Often, when you write in the first-person, you’d like to test the waters and look for plot potential. If something is brooding inside of you, it means a story is challenging you to discover it. It’s a sign you need to write it.

You think of existing first-person characters that you’ve enjoyed reading, and they will give you a lead. It was how I started my first novel. However, I never thought in terms of creating an alter ego. I’m quite the opposite of tall and blonde, and I never studied medicine at Yale. Though there was a time, I wish I’d been devoid of emotions.

When my tutor read the opening of the first draft, he said my protagonist lacked motivation. He asked what her purpose was. What did she want? Why did she exist?

In fact, he changed the question to: “What do you want?”

It’s a haunting question to which there is only one radical answer, but I didn’t precisely know then. But he made sure I found out.

Once I knew, I had to remember to echo it on almost every page of the novel. While I was doing that, I realized that I had created my “other me.”

However, our distinct images were a clear sign that she and I weren’t the same. She had a uniform that defined her; I had none. She had a unique personality; I was not like that.

Little did I know that my twin didn’t need to have the same qualities as I did. Robert Louis Stevenson knew it very well. Altered states and unrecognizable differences may portray good and evil, but you’re the same person.

Your alter ego could be the reality of your suppressed self. The deeper the identity crisis, the more drastic the results.

The purpose of your alter ego

Oscar Wilde said that he wanted to be Dorian Gray—beautiful, young and charming. However, he was nothing but old Basil. Lord Henry portrayed everyone in society. And who survived? Yes, you can’t kill society. It will always tell you who you should be.

I can’t give away the end here, but I created my alter ego to save myself. Selfishly. She is also proof that even if you’re white, you’re not perfect either. And you don’t have to be perfect to be someone’s saviour.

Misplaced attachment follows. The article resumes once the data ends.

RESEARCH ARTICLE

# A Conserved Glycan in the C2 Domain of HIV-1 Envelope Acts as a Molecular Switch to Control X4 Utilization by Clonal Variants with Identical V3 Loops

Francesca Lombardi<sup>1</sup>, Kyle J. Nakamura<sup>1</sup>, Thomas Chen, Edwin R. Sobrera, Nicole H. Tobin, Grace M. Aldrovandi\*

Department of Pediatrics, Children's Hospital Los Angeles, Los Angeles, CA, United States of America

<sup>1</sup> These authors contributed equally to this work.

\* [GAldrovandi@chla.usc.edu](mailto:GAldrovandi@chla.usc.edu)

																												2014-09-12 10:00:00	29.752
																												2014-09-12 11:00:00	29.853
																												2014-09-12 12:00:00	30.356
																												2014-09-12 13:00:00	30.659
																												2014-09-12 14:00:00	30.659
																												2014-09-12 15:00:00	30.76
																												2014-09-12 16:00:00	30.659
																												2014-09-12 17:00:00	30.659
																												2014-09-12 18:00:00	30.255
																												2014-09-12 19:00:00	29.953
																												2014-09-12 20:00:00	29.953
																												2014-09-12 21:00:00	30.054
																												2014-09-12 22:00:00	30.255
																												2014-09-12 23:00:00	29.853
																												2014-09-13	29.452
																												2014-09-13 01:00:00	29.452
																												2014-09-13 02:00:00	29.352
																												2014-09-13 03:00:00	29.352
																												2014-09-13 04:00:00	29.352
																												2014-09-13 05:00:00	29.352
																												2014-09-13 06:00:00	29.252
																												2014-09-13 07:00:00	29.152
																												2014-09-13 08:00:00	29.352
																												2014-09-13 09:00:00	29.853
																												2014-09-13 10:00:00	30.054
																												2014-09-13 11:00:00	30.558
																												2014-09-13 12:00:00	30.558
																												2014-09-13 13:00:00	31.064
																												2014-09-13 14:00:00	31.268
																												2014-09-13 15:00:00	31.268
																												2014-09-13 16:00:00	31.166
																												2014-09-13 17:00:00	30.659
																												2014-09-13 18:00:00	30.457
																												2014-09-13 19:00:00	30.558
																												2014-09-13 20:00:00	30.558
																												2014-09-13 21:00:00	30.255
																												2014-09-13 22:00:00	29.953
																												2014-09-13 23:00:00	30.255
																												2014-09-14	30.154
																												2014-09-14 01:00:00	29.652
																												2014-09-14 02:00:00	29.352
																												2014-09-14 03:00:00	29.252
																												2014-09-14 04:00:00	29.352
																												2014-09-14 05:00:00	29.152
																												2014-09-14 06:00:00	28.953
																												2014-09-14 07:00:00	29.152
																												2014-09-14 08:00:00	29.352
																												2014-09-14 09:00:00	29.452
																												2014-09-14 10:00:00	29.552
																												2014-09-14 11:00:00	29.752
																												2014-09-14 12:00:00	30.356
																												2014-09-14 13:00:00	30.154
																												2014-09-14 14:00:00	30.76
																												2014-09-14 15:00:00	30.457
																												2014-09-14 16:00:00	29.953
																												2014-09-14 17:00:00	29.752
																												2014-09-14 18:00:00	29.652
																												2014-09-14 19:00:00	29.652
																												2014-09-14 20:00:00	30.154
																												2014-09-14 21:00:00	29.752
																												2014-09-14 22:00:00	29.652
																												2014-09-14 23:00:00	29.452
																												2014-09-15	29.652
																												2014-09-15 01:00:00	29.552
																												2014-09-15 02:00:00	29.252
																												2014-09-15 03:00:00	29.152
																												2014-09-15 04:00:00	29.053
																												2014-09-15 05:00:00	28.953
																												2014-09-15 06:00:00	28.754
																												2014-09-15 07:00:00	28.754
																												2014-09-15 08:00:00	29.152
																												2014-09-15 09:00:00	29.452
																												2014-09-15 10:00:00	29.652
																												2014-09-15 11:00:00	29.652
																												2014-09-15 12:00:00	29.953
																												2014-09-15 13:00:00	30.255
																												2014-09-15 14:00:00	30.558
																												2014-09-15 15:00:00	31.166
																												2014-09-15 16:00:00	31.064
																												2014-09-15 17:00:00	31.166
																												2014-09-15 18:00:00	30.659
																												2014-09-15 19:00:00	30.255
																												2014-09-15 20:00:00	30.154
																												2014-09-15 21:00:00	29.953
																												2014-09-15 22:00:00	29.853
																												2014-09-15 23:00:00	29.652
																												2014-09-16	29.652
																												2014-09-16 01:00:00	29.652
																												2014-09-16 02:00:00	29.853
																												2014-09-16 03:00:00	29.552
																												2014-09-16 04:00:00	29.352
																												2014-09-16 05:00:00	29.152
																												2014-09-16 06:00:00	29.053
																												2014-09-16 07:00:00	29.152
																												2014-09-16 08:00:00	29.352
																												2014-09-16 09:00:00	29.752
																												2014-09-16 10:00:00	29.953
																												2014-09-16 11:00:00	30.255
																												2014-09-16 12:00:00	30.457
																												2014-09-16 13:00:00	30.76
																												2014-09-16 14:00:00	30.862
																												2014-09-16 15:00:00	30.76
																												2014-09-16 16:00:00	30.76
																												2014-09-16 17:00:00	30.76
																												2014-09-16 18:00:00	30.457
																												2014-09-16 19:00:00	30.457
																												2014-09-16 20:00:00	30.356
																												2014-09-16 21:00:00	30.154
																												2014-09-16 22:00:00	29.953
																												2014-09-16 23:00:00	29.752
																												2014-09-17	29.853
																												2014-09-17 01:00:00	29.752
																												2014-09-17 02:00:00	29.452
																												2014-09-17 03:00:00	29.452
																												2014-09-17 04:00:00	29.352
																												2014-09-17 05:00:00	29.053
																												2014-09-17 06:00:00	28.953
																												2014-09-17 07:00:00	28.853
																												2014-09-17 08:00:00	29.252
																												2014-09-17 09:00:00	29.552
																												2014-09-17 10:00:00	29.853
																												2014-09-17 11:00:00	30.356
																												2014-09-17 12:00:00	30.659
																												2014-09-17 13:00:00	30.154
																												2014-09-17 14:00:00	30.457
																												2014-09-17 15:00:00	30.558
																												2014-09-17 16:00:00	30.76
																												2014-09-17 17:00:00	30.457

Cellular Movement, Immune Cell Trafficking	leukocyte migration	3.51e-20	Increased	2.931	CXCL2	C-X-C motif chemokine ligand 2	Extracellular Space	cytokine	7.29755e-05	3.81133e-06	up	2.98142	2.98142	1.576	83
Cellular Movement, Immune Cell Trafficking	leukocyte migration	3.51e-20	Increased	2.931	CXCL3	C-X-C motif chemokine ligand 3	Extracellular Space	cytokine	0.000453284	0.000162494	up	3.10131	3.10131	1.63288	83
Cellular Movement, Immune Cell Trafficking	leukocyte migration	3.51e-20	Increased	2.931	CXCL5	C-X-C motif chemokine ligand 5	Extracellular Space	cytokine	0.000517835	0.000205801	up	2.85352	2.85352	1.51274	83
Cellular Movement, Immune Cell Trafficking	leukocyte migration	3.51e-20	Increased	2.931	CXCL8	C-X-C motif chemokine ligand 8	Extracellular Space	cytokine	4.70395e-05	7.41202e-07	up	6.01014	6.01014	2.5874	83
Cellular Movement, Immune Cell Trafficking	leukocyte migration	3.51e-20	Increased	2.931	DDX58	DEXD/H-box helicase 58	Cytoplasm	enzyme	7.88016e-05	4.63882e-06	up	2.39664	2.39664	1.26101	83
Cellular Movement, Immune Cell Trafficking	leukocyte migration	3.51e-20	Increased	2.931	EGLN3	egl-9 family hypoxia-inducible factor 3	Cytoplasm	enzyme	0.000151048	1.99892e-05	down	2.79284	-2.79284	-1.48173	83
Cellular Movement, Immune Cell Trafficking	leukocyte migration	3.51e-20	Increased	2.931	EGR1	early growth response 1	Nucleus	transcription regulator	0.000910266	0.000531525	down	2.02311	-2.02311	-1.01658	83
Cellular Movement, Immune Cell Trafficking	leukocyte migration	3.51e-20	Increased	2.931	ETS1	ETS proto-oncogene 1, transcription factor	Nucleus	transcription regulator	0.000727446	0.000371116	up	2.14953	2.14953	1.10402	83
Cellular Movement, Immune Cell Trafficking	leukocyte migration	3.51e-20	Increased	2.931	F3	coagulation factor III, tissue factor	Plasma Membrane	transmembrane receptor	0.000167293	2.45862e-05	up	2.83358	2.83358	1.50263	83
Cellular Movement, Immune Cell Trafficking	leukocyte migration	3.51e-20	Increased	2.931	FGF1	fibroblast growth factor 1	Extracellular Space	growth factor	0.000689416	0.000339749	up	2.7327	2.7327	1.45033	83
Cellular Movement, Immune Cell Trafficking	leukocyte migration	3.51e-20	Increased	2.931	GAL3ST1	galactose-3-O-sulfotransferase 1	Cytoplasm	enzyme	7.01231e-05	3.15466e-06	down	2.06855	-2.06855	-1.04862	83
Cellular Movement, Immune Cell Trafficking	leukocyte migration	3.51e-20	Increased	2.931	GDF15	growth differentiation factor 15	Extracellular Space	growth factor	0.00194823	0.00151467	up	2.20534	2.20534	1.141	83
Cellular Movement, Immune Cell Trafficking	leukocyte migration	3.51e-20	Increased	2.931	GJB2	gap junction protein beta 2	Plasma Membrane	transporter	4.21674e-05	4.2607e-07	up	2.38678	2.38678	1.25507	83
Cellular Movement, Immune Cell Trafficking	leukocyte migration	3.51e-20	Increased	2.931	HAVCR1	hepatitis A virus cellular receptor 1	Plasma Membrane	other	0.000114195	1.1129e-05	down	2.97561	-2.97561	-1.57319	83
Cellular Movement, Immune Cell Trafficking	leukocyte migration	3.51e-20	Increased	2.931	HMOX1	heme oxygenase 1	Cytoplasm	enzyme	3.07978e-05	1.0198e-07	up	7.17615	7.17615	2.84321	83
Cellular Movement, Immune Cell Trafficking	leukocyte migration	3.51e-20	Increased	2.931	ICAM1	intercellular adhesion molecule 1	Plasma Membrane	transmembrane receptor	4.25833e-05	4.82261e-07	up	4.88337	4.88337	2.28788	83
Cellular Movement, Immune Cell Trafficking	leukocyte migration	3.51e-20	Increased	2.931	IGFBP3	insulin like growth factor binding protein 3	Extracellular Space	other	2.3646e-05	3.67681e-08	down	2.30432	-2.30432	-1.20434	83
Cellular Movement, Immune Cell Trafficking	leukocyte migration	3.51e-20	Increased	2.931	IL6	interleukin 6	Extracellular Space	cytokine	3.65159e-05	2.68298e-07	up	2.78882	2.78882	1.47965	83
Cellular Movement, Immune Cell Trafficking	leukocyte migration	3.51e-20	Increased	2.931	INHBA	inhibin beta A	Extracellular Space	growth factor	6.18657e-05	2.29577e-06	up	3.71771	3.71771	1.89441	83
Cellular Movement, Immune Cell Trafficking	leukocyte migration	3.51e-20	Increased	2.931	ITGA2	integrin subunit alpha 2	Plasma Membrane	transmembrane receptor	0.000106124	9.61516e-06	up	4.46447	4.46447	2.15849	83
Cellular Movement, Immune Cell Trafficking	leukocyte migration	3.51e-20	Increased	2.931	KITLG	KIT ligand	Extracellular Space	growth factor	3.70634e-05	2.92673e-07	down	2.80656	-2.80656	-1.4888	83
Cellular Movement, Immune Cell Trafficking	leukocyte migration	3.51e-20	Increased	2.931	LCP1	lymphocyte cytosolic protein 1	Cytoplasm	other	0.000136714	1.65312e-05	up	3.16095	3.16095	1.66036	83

Your alter ego’s purpose is to eliminate the inadequacies you see in yourself. Conversely, their inadequacies make them perfect.

You envy your alter ego’s perfection so that you want to inflict your actual pain on them, make it their own. At the same time, you don’t. That’s when you begin to see the inevitable forebodings of the story. As the story takes its course, you’ll notice that while giving this character a purpose, you are, in fact, driving them to a dark place.

I had dumped all my negative emotions on her. That was my way of creating empathy. (For myself?)

Your alter ego represents the potential sides you don’t manifest, whether those sides are repressed or imaginative. It makes them strong and unique. It also drags the author into the story, and the reader begins to see the purpose of why the author had to write that story.

In fiction, you can choose any scenario you’d like to convey that particular conflict or pain (to which real people have turned a blind eye). Show off your alter ego and entertain your reader in every chapter imaginable. Authors are allowed to do that. Chances are that a reader feels the same way but on a different level; your story helps them vent.

People don’t only look to empathize with a fictional character; sometimes, they want to identify their flaws in someone else. It can be anyone. It’s just healthier if it’s an alter ego—a fictional character.

Pseudonym – pen name

Some people wondered why I used a pen name to self-publish my novel. Not only do I have a fascination with Philip K. Dick’s Rick Deckard, but I was afraid that publishers, agents would judge my family name and classify me as an ESL student writer (which I most likely was 11 years ago).

Encountering bias was the last thing I wanted when releasing my first book. BIPOC indie writers weren’t exactly thriving. I thought that having a German background might rule out chances of discrimination. It’s sad that I ever felt that way.

After all, I’d decided to include an author photo on the back cover. Someone told me that indie authors had to be loud and visible. Suppose using a pen name wouldn’t have mattered?

Nowadays, I feel more confident writing under PCD; it makes me think that I’ve accomplished something as an author and writer. PC is who I am and who made PCD happen.

I’m not hiding anything.

After all, what’s in a name?